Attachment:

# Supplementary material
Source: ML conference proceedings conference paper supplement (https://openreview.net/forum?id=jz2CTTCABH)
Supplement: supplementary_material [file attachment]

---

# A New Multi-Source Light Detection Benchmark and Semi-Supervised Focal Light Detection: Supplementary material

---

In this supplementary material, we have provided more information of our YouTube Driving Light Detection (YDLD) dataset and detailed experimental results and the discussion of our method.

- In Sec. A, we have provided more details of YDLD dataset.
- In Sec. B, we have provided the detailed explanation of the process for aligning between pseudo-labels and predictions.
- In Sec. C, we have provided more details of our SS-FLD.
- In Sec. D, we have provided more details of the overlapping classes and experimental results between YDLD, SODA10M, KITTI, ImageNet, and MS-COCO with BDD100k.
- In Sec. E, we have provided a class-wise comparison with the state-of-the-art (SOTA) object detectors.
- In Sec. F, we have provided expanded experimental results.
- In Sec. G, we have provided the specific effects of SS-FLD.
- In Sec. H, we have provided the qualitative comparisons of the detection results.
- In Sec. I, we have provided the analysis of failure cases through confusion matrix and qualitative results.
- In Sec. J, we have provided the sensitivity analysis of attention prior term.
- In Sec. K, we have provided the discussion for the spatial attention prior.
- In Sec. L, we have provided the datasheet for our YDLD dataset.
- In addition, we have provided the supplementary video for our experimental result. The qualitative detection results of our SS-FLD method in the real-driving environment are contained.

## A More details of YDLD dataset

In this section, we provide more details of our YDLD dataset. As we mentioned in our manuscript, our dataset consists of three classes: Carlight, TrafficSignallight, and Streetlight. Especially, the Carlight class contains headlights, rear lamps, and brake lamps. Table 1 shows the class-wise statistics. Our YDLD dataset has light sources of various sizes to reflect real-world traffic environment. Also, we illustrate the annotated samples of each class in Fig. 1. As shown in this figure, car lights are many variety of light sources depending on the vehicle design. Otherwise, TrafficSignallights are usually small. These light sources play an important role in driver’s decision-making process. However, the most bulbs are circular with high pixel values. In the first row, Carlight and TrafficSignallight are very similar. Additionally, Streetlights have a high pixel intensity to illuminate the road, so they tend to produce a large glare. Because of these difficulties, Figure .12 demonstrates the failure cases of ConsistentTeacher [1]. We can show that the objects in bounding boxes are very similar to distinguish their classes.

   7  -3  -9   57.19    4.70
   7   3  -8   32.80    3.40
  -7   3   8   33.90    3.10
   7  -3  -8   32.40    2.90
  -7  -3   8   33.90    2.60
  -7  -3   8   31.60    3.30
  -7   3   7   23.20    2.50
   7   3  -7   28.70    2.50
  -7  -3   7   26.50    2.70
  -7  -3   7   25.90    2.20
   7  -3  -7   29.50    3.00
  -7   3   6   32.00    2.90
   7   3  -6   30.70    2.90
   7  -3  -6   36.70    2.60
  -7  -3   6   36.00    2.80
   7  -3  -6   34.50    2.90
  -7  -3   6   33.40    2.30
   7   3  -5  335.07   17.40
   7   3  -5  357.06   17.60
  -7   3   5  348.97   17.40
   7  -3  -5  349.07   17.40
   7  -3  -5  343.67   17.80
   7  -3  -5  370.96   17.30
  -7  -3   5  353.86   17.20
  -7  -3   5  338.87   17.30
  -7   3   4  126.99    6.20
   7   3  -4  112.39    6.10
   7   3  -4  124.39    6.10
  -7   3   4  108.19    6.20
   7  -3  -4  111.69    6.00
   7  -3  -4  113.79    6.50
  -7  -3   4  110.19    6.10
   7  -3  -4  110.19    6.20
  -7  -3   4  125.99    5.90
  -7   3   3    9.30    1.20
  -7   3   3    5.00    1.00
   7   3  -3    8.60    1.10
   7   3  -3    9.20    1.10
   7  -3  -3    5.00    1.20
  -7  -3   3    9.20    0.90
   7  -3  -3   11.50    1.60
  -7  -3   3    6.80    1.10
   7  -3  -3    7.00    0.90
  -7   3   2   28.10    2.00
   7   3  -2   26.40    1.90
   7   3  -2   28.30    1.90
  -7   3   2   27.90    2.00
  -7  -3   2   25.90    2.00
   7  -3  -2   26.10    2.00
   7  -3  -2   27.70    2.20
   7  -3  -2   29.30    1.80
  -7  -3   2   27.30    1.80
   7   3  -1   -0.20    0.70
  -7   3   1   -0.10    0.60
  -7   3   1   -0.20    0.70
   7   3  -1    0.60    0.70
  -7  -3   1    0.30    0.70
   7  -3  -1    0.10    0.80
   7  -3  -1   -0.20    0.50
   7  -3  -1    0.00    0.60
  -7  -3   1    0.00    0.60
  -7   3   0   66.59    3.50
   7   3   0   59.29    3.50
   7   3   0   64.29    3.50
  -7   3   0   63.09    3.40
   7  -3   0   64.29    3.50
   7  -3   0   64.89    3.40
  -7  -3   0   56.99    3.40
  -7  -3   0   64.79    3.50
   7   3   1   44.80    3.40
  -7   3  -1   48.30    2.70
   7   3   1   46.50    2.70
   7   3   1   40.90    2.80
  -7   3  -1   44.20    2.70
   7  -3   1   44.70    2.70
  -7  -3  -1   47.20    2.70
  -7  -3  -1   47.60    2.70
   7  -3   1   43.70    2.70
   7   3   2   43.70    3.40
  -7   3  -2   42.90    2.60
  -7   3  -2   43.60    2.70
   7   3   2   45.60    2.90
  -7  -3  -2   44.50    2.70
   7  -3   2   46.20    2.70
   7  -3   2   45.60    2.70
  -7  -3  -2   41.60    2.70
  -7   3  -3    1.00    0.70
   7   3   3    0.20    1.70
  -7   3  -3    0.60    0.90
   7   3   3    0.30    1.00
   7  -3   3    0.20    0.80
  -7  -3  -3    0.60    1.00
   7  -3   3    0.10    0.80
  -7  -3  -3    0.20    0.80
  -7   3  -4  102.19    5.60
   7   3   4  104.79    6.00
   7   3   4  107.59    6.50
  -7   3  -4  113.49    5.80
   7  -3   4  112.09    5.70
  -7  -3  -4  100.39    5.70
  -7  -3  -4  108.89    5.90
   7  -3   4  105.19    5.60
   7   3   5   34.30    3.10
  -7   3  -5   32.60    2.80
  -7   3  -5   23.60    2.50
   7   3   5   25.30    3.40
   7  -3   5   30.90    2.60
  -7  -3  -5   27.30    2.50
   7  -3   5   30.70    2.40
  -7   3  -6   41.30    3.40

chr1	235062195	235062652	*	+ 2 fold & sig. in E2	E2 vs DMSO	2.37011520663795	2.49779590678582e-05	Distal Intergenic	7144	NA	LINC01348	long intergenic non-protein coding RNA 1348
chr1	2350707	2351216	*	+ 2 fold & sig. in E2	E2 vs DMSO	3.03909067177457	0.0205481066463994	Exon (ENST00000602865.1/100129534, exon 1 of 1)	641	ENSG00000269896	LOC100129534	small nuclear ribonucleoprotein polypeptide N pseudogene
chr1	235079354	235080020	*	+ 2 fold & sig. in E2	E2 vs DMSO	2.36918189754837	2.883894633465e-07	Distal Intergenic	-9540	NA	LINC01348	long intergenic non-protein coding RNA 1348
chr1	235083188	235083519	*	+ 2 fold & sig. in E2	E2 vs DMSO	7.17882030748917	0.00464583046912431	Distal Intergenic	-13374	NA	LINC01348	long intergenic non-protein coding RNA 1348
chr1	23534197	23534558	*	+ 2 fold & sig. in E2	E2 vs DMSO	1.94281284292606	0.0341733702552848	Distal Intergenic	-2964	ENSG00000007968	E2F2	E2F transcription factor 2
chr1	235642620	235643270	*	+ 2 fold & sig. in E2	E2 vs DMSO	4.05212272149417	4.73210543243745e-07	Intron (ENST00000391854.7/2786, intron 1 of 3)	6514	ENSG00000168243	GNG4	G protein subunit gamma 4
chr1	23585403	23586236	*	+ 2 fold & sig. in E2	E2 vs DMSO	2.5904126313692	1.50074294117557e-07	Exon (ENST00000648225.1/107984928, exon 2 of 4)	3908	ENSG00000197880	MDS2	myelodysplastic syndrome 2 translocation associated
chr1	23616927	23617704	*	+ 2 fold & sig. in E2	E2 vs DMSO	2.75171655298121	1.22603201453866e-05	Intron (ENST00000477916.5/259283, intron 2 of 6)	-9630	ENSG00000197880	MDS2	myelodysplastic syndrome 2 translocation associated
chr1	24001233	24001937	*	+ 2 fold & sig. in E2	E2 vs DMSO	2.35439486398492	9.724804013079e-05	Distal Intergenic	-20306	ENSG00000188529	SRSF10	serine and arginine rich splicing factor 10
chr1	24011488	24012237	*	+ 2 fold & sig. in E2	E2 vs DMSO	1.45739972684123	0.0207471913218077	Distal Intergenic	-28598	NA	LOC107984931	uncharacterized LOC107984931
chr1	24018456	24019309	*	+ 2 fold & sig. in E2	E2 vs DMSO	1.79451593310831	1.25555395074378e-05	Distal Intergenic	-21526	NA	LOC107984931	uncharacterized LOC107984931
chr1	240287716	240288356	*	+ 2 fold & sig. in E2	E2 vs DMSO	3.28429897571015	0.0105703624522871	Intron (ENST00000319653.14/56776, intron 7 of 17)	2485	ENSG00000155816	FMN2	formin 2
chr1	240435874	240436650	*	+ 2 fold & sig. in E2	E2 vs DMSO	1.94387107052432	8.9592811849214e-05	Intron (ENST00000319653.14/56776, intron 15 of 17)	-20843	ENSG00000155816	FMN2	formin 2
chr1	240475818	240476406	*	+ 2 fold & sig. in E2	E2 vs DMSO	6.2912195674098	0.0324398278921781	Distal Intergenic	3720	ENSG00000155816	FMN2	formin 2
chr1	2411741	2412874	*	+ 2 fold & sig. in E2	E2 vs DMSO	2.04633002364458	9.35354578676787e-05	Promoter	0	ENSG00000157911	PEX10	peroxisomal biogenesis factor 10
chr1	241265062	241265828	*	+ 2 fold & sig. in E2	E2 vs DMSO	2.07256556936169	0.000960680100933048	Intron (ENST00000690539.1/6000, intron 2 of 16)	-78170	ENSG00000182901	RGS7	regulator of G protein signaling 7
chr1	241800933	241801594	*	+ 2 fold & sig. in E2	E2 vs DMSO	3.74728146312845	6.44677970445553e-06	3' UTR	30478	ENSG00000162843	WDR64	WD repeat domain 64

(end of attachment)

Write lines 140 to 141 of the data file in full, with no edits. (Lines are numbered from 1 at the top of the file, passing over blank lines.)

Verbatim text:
chr1	23616927	23617704	*	+ 2 fold & sig. in E2	E2 vs DMSO	2.75171655298121	1.22603201453866e-05	Intron (ENST00000477916.5/259283, intron 2 of 6)	-9630	ENSG00000197880	MDS2	myelodysplastic syndrome 2 translocation associated
chr1	24001233	24001937	*	+ 2 fold & sig. in E2	E2 vs DMSO	2.35439486398492	9.724804013079e-05	Distal Intergenic	-20306	ENSG00000188529	SRSF10	serine and arginine rich splicing factor 10